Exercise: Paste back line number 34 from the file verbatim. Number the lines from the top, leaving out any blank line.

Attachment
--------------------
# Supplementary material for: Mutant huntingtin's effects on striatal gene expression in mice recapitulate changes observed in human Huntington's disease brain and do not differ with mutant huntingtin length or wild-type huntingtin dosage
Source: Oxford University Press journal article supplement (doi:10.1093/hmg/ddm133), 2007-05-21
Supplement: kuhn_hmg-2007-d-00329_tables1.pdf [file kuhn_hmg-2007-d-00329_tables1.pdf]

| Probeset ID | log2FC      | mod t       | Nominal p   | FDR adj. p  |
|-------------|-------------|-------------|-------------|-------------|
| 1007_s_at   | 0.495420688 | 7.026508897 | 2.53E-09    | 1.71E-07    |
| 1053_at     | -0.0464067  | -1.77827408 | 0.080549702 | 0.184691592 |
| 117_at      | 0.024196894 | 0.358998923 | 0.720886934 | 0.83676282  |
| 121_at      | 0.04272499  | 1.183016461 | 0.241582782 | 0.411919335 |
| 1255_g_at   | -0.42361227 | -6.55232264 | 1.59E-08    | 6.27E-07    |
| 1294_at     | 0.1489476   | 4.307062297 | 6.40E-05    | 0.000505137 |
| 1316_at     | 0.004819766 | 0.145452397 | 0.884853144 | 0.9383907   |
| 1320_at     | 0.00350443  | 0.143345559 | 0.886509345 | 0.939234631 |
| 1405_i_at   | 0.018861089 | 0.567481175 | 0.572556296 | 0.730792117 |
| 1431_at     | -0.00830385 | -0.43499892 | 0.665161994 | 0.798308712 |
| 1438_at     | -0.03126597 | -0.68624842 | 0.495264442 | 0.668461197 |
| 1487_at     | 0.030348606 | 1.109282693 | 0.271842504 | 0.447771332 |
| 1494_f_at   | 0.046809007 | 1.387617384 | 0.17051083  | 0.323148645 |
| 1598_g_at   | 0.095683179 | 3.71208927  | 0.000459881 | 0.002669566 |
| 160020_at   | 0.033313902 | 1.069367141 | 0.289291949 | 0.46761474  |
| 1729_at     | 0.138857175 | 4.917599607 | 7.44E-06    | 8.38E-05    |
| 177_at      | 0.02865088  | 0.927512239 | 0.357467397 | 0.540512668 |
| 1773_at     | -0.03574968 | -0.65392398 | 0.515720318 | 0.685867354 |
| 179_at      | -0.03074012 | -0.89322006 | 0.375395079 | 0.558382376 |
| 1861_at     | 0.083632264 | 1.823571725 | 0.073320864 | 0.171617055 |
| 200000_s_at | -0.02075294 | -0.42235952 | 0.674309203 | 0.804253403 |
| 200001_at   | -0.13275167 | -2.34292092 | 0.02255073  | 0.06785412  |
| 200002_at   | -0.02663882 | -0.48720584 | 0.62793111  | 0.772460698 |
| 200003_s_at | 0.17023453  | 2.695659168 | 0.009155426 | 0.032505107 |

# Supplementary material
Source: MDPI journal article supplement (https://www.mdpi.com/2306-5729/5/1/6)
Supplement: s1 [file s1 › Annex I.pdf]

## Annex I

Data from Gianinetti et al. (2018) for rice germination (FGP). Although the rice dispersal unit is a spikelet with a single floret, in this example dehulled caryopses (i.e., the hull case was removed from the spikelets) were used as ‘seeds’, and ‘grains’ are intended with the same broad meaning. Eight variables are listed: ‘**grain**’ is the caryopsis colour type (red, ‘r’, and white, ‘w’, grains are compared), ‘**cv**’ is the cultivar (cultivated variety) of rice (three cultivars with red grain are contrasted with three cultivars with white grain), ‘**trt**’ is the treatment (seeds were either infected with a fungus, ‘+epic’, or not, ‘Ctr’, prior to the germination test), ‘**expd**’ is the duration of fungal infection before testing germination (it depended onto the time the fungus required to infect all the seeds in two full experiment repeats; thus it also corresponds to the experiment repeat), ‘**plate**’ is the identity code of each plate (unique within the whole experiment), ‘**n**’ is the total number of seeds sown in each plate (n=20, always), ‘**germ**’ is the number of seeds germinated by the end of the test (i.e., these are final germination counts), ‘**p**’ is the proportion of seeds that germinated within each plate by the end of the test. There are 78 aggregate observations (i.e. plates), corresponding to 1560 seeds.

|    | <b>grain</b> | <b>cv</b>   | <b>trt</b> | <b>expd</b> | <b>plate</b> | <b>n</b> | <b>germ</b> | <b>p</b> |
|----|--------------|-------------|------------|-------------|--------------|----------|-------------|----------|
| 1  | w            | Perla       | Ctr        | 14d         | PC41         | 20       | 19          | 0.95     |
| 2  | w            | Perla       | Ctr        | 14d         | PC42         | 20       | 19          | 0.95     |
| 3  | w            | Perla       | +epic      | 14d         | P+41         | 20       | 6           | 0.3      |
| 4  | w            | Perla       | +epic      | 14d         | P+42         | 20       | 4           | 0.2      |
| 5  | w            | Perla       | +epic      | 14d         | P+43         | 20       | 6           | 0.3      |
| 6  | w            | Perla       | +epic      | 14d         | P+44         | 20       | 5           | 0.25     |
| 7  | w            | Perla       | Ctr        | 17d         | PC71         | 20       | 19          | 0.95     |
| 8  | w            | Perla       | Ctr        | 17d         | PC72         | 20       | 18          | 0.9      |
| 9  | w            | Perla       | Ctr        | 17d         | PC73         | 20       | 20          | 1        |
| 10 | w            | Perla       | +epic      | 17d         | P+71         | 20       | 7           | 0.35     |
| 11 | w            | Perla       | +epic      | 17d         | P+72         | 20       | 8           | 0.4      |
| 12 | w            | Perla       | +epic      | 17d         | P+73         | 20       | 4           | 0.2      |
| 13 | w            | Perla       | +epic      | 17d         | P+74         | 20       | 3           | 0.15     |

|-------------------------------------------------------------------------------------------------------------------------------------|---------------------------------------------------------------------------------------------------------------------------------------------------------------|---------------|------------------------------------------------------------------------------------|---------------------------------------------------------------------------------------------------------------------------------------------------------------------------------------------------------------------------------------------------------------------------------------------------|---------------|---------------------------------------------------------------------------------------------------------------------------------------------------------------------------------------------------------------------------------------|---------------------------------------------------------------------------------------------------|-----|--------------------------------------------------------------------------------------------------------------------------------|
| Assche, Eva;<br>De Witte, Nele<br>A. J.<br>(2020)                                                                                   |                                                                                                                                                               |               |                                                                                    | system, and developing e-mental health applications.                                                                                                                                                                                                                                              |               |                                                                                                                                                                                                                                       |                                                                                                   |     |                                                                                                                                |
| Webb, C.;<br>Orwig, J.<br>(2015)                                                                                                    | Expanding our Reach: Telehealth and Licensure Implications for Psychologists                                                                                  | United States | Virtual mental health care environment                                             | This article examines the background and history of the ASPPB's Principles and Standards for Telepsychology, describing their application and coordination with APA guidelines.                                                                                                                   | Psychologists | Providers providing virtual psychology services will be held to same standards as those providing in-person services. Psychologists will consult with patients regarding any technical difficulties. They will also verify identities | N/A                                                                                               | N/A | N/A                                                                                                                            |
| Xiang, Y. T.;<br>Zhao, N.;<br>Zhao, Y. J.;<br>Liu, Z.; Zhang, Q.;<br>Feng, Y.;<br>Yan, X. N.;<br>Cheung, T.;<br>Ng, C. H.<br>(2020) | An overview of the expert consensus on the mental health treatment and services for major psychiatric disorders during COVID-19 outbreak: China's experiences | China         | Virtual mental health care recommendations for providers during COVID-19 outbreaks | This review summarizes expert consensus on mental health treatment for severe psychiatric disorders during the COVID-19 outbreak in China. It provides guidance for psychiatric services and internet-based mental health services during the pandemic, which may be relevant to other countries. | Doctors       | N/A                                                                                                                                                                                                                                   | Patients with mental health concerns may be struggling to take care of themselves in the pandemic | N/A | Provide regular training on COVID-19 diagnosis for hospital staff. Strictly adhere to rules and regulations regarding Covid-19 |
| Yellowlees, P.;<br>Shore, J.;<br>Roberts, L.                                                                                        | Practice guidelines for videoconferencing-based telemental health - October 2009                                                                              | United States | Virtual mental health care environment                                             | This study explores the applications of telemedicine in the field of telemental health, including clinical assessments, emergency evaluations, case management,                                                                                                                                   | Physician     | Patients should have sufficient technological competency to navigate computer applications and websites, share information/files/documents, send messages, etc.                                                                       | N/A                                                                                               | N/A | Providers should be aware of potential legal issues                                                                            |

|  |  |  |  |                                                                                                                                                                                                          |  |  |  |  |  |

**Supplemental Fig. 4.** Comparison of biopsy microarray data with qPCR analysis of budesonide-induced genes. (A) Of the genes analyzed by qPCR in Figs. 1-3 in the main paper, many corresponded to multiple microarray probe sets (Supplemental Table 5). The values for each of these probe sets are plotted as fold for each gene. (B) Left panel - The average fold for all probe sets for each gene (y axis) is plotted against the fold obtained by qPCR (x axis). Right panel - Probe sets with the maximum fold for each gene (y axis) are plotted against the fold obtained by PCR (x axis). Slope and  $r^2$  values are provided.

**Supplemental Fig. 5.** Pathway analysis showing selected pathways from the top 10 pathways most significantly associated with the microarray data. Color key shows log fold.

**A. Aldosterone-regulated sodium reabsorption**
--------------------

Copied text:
Data from Gianinetti et al. (2018) for rice germination (FGP). Although the rice dispersal unit is a spikelet with a single floret, in this example dehulled caryopses (i.e., the hull case was removed from the spikelets) were used as ‘seeds’, and ‘grains’ are intended with the same broad meaning. Eight variables are listed: ‘**grain**’ is the caryopsis colour type (red, ‘r’, and white, ‘w’, grains are compared), ‘**cv**’ is the cultivar (cultivated variety) of rice (three cultivars with red grain are contrasted with three cultivars with white grain), ‘**trt**’ is the treatment (seeds were either infected with a fungus, ‘+epic’, or not, ‘Ctr’, prior to the germination test), ‘**expd**’ is the duration of fungal infection before testing germination (it depended onto the time the fungus required to infect all the seeds in two full experiment repeats; thus it also corresponds to the experiment repeat), ‘**plate**’ is the identity code of each plate (unique within the whole experiment), ‘**n**’ is the total number of seeds sown in each plate (n=20, always), ‘**germ**’ is the number of seeds germinated by the end of the test (i.e., these are final germination counts), ‘**p**’ is the proportion of seeds that germinated within each plate by the end of the test. There are 78 aggregate observations (i.e. plates), corresponding to 1560 seeds.